The other news this year from IrisVR was the SCOPE app for mobile devices, bringing the power of VR panoramas to your Google Cardboard-based handheld device. You put your smartphone inside these devices. The difference with SCOPE is it powers what are known as 12×1 panoramas rendered by a variety of leading rendering tools, including: V-Ray for 3ds Max, OTOY’s Octane Render, and Lumion.
IrisVR SCOPE is a mobile first, bringing high-quality 12×1 panorama renders from leading rendering solutions to both iOS and Android devices. Images are organized and loaded from the cloud but stored on your mobile phone. Both SCOPE and PROSPECT are available for use in beta form today.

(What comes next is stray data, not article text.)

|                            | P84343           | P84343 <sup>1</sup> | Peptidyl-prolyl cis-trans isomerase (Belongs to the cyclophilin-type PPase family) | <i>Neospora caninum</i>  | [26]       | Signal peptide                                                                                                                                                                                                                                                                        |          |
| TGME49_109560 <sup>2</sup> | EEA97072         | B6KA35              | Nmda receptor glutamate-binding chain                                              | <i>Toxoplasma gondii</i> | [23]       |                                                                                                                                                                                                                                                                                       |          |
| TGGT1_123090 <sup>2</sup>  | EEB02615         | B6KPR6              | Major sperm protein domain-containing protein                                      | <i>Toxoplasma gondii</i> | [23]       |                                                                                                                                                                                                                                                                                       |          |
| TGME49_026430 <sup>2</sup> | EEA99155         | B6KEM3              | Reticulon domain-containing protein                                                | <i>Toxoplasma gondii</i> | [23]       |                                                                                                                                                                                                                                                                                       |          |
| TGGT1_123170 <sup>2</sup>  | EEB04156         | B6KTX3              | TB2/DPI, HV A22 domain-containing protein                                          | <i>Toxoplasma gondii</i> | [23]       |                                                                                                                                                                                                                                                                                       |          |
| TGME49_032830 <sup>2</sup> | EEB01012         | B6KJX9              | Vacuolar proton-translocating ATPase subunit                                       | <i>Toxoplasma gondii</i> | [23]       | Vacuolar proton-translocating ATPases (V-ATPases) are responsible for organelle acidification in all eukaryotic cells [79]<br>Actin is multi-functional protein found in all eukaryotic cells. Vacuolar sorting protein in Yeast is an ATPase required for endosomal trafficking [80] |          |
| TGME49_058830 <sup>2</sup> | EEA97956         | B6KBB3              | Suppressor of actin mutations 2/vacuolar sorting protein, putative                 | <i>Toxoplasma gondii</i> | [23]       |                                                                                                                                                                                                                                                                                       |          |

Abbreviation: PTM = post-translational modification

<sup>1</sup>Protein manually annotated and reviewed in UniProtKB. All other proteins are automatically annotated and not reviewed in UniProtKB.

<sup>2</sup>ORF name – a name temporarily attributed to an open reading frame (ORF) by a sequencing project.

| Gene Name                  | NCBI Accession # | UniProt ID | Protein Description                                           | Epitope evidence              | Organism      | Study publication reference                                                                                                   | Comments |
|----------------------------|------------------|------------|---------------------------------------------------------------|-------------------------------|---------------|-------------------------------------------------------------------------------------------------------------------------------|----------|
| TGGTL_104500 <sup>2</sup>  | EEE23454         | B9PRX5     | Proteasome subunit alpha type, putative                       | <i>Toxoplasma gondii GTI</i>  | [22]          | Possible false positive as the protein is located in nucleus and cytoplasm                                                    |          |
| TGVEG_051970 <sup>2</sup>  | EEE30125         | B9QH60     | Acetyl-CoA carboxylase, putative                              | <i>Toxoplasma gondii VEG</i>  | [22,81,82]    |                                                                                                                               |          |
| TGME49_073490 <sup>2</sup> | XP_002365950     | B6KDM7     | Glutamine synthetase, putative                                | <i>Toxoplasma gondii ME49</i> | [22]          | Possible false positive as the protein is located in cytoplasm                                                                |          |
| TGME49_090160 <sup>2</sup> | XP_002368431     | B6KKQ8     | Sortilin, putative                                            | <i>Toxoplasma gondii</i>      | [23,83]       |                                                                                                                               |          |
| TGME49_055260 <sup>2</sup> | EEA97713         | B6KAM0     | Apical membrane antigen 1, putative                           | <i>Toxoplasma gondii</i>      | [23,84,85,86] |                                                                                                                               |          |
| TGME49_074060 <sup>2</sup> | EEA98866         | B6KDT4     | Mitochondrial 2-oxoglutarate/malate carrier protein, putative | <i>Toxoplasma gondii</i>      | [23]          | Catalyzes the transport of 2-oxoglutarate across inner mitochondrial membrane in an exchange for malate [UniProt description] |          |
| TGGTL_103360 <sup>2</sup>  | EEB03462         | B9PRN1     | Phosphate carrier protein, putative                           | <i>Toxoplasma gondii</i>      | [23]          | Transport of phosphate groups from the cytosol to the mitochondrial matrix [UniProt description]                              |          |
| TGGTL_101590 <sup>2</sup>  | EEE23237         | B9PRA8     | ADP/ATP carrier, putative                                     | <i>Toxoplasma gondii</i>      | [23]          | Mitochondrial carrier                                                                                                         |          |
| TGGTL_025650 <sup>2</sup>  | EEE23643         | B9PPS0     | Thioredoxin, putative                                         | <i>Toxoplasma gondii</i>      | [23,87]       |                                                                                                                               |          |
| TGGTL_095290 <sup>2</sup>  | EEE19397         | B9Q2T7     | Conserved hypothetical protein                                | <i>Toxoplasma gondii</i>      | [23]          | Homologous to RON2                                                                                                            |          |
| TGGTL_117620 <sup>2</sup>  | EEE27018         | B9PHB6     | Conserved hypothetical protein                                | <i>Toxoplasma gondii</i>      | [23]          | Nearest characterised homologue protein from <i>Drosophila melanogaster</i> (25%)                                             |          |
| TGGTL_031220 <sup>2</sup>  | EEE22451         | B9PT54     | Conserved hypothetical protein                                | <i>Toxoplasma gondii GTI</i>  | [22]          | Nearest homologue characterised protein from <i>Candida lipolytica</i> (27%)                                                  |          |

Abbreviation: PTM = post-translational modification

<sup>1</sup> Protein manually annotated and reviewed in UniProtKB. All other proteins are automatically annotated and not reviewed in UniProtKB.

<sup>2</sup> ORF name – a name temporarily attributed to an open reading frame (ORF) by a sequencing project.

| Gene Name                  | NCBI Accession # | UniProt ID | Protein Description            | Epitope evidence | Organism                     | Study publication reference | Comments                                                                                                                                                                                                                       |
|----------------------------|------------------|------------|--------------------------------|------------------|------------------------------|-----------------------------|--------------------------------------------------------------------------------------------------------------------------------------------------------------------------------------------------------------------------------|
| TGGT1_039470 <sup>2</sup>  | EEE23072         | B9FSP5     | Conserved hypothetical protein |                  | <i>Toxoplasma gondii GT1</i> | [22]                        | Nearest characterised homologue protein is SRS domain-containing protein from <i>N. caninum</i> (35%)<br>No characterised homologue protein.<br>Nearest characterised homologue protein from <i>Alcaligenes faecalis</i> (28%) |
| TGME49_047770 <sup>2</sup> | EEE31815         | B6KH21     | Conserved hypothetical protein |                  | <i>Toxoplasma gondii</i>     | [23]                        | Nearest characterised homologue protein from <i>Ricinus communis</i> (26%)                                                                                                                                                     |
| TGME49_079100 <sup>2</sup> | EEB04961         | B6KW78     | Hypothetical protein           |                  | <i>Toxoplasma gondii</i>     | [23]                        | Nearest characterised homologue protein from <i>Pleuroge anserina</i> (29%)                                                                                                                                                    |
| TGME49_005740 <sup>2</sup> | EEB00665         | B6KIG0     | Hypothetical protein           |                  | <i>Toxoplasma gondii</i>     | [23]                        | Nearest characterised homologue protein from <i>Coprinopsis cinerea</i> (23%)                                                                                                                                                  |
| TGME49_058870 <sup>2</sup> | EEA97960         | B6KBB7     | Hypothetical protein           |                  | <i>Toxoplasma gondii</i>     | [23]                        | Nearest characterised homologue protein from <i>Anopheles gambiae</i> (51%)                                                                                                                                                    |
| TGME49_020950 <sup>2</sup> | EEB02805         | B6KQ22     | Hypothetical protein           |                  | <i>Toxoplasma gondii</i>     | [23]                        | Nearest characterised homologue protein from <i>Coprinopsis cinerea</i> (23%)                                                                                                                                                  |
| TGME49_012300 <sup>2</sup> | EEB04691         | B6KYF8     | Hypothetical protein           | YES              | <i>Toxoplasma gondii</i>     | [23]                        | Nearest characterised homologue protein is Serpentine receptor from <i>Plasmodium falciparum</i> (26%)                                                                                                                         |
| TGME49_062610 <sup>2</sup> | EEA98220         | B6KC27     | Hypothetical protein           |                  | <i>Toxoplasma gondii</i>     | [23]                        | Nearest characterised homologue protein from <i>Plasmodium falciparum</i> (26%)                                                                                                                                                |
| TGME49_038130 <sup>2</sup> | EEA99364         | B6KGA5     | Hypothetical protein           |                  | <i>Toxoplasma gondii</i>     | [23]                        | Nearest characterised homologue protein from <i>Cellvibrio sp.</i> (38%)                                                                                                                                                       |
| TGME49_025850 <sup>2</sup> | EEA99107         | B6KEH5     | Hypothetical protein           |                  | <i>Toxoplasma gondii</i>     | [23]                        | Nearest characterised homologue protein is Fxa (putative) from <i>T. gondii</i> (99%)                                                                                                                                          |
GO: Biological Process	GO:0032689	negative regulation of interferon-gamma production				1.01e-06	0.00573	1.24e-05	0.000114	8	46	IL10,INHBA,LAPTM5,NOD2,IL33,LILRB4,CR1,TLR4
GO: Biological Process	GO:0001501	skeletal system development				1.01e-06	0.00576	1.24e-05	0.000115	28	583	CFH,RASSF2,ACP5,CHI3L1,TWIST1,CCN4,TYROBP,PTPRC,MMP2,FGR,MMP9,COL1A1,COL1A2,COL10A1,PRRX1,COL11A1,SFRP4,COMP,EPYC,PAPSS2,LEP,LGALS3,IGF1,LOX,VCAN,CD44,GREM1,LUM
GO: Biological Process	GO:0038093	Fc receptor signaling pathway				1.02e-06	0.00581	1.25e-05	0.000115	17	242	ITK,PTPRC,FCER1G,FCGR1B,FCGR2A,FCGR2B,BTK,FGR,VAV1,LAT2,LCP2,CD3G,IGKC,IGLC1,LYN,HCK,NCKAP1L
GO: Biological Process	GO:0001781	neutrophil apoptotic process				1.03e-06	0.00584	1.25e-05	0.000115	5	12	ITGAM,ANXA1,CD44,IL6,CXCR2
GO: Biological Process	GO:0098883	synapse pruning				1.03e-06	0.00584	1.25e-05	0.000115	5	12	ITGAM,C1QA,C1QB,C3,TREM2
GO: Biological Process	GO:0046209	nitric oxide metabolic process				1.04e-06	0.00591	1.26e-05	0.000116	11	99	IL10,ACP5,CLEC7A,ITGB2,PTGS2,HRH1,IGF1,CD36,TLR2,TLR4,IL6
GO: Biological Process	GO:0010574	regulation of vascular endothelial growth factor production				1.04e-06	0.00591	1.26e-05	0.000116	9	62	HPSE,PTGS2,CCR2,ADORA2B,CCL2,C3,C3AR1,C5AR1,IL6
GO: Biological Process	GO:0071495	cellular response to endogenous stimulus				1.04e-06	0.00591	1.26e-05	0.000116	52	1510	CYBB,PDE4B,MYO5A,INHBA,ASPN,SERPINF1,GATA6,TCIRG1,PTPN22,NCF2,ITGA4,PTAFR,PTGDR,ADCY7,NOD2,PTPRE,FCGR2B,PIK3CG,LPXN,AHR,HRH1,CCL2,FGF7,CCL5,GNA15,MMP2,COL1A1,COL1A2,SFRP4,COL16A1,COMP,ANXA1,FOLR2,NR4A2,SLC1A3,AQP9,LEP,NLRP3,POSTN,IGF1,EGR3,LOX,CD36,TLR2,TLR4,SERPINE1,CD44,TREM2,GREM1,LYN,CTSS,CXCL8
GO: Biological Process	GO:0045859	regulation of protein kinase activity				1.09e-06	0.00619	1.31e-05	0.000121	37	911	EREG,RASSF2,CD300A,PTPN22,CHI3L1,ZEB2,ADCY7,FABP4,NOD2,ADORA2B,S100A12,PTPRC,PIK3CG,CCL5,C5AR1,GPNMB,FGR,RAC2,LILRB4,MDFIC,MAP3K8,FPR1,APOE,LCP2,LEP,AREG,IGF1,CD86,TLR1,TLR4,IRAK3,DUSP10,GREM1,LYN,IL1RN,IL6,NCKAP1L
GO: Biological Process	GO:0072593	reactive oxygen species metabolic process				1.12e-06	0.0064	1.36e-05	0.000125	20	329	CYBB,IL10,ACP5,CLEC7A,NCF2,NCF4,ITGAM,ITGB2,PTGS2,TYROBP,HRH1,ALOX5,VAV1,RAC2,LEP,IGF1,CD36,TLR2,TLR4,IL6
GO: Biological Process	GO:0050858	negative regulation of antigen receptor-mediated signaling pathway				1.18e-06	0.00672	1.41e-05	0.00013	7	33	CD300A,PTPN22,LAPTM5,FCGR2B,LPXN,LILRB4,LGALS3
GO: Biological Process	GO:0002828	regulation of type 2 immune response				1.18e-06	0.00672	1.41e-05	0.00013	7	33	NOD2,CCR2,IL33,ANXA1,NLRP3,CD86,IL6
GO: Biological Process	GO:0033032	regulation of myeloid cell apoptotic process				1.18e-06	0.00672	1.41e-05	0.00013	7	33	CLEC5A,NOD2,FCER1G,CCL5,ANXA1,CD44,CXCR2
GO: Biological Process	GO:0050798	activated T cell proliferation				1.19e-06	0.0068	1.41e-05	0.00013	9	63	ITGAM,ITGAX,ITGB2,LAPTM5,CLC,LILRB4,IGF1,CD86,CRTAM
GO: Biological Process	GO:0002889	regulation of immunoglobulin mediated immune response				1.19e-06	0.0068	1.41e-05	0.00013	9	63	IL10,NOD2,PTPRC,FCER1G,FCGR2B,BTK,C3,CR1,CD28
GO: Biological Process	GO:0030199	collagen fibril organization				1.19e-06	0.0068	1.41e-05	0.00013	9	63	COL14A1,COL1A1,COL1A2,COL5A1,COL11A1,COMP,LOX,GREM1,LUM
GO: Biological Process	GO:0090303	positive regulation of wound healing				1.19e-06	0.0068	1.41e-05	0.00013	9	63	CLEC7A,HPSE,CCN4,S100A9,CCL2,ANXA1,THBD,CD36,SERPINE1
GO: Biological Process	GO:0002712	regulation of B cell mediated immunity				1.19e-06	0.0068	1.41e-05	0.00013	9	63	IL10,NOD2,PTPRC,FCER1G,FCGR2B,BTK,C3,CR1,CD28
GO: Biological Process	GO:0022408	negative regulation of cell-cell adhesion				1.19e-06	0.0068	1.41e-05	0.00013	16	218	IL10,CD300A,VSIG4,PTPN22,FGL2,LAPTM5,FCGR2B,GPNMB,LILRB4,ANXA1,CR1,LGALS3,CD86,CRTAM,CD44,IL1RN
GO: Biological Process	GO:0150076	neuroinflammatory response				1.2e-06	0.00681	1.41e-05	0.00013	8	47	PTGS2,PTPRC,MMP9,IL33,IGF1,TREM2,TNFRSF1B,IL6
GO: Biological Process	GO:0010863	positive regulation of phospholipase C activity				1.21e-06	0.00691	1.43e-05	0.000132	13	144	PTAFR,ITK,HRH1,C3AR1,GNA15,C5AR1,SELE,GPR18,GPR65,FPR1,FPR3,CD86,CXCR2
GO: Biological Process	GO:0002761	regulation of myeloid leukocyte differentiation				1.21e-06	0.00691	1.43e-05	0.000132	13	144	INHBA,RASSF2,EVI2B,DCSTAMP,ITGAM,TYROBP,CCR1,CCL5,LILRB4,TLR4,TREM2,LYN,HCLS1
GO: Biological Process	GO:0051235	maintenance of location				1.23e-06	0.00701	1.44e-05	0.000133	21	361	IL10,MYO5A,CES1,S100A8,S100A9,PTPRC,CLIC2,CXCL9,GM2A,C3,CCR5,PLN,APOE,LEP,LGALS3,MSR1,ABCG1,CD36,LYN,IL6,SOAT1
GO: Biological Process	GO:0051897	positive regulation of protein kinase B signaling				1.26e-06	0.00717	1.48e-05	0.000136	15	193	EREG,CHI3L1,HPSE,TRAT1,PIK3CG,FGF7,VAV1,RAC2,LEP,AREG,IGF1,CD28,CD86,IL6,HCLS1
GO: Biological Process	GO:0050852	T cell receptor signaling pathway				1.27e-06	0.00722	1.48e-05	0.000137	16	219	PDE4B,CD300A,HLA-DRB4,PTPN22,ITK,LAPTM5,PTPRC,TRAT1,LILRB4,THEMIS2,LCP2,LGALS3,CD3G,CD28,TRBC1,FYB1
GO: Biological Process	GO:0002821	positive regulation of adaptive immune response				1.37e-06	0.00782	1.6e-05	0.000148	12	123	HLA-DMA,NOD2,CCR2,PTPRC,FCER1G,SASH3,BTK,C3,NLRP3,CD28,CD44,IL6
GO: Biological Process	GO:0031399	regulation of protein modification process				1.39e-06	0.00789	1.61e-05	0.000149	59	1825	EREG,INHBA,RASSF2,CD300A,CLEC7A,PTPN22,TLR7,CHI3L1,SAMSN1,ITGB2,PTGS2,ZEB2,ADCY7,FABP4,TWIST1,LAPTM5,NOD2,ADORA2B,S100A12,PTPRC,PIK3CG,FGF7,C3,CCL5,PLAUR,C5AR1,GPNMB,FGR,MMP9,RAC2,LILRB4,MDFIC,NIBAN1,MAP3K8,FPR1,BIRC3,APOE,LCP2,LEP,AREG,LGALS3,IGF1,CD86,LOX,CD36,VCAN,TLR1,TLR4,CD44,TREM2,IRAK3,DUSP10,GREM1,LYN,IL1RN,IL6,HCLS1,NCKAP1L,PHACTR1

One final note. For those architects using other BIM solutions, such as ArchiCAD and Vectorworks, the IrisVR team told us they are planning on implementing support (for PROSPECT) for those systems very soon, with ArchiCAD coming first.
Chaos Group & CL3VER Team Up
Chaos Group teamed with CL3VER and made a big announcement at the show. The two companies introduced a new interactive product catalog at AIA 2016. Essentially, their solution demonstrates how architects can turn Autodesk Revit models into interactive 3D presentations for the web and VR.